How do you demystify the therapy process for clients?

April 6th, 2011

By Christine Smith

Guest Feature Article Author: Christine Smith, LICSW, is a clinical social worker in private practice since 1990 and currently works with families in Nantucket MA, specializing in martial and couple issues, family stress, struggling teens, child behavioral problems. With her extensive psychiatric experience she is currently on-call at the Nantucket Cottage Hospital for psychiatric emergencies. http://nantucketfamilycounseling.com/

It seems that everyone wants to know what goes on inside the therapist’s office. People secretly wonder if a session resembles a chapter from Sybil, untamed and insane. Movies, television and reality series often try to depict the scene, with an awkward resemblance of accuracy, but somehow always missing the mark.  Dr. Phil and Dr. Drew attract a huge audience; even I am drawn to the drama as they delve into families’ lives inside the screen in my living room, rushing through treatment with five commercial interruptions.

People nervously crack a joke if I am introduced at a party as a “therapist”, quick to point to their friend standing next to them stating, “This guy really needs your help”. Men in white coats, Prozac moments, loony tunes; all flip verbiage said with an uncertain tone by people who secretly wonder if they too are a little crazy. Like I am a clairvoyant that can see right through them . . .  analyze this. And although I am one of the silliest girls around, I never can quite bring myself to laugh. I guess one doesn’t laugh at their passions.

I have been in therapy for over thirty years now. I do this for a living, everyday, hour after hour. To me, it is serious business. Taking a stranger in, staying right there with them, as they take the first incredible step to put their crumbling life back together. It’s hard to describe what happens on the proverbial couch, every person so different, some situations tragic, others not so much.

People do not come to therapy when things are going well. Usually, the person feels as if it’s pretty much the end of their world. Hopeless, helpless, in unbearable pain, a bottomless pit . . . the term “depressed” falls short of an adequate description. Discovery of a spouses’ infidelity, a child’s drug addiction, cancer, a friend’s betrayal, alcohol or drug abuse, loss of a job, financial worries, death, and a hundred other scenarios, lead them to me. None of the stories or the feelings are ever quite the same.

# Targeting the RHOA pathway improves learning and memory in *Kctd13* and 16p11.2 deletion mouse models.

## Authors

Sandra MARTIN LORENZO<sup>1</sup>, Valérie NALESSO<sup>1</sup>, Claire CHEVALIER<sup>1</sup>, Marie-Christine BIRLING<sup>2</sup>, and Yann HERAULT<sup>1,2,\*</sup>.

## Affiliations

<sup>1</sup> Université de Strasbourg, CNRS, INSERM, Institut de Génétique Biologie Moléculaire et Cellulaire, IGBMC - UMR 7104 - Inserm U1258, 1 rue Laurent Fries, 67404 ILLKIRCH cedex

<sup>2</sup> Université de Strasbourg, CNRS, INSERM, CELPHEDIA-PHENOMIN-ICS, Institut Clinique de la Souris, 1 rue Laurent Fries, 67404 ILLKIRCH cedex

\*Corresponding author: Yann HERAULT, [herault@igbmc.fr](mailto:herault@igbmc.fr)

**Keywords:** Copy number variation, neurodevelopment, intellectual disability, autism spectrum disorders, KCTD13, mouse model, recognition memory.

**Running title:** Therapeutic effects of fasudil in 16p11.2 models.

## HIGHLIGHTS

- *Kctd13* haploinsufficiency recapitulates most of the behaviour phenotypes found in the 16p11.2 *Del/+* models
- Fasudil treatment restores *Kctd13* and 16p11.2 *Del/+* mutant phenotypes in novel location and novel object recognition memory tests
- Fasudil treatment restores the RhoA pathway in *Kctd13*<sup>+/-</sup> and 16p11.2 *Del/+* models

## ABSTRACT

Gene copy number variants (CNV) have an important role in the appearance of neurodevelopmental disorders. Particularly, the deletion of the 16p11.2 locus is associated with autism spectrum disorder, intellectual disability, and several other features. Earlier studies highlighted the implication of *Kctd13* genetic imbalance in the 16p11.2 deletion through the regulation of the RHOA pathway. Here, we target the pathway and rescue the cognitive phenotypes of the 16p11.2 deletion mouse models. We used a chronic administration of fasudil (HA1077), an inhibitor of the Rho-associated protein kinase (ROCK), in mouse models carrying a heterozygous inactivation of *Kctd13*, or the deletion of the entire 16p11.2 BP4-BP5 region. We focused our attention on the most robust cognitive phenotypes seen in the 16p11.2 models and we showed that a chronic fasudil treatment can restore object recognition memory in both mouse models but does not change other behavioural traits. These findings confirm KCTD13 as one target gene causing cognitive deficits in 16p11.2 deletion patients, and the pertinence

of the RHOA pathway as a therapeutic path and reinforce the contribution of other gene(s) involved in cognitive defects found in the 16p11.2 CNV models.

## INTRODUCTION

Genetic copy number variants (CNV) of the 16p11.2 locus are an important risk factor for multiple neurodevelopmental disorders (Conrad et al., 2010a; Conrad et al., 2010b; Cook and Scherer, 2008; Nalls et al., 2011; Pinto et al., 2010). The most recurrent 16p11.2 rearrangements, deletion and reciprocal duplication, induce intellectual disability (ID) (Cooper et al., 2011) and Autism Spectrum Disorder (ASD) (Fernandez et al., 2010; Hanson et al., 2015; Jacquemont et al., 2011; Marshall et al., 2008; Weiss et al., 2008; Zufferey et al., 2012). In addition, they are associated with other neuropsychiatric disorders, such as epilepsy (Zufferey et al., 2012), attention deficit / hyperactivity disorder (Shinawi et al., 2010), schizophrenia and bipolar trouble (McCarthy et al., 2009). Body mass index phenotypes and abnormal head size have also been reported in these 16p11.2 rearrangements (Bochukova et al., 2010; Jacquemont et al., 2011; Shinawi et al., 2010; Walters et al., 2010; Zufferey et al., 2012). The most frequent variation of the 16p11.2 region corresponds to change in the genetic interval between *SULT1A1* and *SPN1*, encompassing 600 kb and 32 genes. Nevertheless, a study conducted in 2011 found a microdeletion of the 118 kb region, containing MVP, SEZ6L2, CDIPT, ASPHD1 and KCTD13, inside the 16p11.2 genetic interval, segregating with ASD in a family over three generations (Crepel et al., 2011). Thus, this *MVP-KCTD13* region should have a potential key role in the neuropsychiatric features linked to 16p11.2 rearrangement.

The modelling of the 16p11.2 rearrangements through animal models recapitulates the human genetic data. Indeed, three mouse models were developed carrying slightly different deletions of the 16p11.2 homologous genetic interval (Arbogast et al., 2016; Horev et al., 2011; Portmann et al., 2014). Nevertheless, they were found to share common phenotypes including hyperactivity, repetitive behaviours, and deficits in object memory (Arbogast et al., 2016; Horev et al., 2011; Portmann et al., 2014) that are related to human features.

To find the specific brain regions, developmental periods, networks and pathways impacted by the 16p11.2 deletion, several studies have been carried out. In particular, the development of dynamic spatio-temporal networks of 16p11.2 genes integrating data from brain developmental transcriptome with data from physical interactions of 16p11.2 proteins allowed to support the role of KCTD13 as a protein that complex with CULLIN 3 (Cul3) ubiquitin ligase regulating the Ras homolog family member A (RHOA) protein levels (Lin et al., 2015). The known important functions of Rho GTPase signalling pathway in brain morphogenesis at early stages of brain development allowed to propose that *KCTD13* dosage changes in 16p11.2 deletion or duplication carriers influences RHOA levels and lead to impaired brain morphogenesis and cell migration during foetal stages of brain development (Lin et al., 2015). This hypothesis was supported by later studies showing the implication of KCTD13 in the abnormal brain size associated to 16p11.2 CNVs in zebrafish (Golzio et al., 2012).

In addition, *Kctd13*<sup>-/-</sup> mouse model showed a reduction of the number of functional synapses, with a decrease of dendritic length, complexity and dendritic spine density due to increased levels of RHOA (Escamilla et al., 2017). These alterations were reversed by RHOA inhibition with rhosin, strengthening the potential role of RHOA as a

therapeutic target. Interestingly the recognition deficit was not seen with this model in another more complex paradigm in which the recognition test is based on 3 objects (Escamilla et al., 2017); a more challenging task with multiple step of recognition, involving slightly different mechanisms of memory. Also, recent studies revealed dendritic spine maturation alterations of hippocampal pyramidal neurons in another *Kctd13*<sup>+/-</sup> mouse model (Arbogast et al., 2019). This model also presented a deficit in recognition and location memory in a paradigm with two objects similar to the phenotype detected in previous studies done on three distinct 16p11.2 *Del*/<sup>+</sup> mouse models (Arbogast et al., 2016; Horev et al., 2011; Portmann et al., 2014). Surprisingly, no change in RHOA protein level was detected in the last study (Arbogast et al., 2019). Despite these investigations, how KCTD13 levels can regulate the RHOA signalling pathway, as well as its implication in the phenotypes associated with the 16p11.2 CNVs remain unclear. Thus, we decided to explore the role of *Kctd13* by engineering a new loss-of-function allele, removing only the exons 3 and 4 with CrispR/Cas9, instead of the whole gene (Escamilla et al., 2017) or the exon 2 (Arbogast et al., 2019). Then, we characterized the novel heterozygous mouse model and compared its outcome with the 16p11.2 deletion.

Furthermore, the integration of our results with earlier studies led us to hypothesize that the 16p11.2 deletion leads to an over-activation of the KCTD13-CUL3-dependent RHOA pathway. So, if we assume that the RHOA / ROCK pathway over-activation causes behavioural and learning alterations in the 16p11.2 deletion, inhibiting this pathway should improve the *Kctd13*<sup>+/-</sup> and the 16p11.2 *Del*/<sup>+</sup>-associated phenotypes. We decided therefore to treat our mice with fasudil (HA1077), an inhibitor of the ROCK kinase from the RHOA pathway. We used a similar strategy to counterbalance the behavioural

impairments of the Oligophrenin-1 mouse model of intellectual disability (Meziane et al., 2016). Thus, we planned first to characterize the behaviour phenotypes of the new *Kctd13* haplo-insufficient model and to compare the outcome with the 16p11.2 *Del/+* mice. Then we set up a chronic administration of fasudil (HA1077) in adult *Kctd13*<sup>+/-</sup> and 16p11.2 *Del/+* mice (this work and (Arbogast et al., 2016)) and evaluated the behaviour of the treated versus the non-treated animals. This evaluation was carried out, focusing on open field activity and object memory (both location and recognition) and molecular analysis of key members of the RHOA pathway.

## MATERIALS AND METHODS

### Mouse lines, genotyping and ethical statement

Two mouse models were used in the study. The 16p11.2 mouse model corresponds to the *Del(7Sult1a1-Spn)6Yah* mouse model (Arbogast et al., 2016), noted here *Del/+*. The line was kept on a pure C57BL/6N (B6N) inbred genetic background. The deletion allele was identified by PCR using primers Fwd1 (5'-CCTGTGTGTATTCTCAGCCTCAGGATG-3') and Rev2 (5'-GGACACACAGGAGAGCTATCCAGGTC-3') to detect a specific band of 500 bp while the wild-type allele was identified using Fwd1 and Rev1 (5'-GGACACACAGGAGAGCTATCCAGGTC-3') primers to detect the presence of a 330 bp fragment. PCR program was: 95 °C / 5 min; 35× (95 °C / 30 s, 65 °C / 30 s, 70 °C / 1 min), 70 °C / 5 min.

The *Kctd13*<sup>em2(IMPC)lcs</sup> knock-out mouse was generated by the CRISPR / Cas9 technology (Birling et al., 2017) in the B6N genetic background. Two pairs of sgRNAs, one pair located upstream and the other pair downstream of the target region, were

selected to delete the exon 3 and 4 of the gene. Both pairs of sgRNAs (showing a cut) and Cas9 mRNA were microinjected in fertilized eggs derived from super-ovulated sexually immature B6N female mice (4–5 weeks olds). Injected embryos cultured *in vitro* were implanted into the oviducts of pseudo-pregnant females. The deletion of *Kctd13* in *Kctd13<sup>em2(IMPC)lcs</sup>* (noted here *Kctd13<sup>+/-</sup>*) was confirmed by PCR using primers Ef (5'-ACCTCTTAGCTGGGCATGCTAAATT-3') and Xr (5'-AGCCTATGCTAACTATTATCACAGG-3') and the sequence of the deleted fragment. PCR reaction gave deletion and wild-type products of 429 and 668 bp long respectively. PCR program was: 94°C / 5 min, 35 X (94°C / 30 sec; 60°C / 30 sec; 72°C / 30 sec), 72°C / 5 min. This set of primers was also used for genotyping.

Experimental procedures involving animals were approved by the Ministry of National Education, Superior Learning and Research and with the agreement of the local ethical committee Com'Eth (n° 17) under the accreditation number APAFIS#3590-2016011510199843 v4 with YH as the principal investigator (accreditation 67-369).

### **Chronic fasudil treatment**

As a therapist, I spend countless hours sitting with my patients, listening, talking, reflecting and just being. Sometimes I touch their shoulder, their hand, pass them the box of tissues or make them a cup of tea. In the sanctity of my office, we talk about what it feels like to live, what it would feel like to die and what it would feel like to make a dartboard out of their nemesis’ face. We talk about who would attend their funeral, who they are going to call today when they need a friend and why their ex-husband never really looked good with gray hair. I have painted little girls’ nails, put hair spray on a chemo wig and scrubbed makeup off a gothic teenager. Some bring in their dogs, their kids, their parents, while others have only their plain loneliness to offer. I have sat in silence, in tears or in laughter. It’s all a little crazy. Hour upon hour, as the healing process for those most wounded is indeed the slowest. It sometimes drags and it can be dark. Indeed a black hole. I can’t leave that space they are in, because I have signed on to hang in with them. A lot of people in their lives have bailed because of it. It’s a fine line between helping someone with toxicity and absorbing it yourself.  I think, “Is this person ever going to get better?”

And the answer is, yes, they invariably do. Not with all the king’s horses and all the king’s men, but by the will to survive and an inner strength that therapy helped them access. When the bleakness lifts, it’s as if they bring in a little more light each time they walk into my office and sit on that couch. I slowly begin to see a twinkle in their eye, a glow, a spark, although fragile and tenuous, emerging.

This, for me, is the magic of therapy. It saves people’s lives. All of the conversations that we have had, most with no immediate results, begin to add up and overtake the faulty oppressive thoughts that first brought them into my office. They begin to make sense, notice other people, and look forward again. They can now laugh at situations as well as themselves. Truthfully, life can be ridiculously funny. They no longer think about dying, because they have too much living to do.

Their need for time with me begins to dwindle and they are able to connect with me now only every other week, every month, and finally, “I’ll call you if I need you”. Said hesitantly at first, most are somewhat sad to say goodbye.  Occasionally, sometimes years later, I do run into someone at the store or on the street. The most common reaction is a big hug, smile and a “great to see you”. I can barely remember the shadow of that soul that I first encountered in my office. But it is the same person. Just whole again. It is amazing.

This is therapy.

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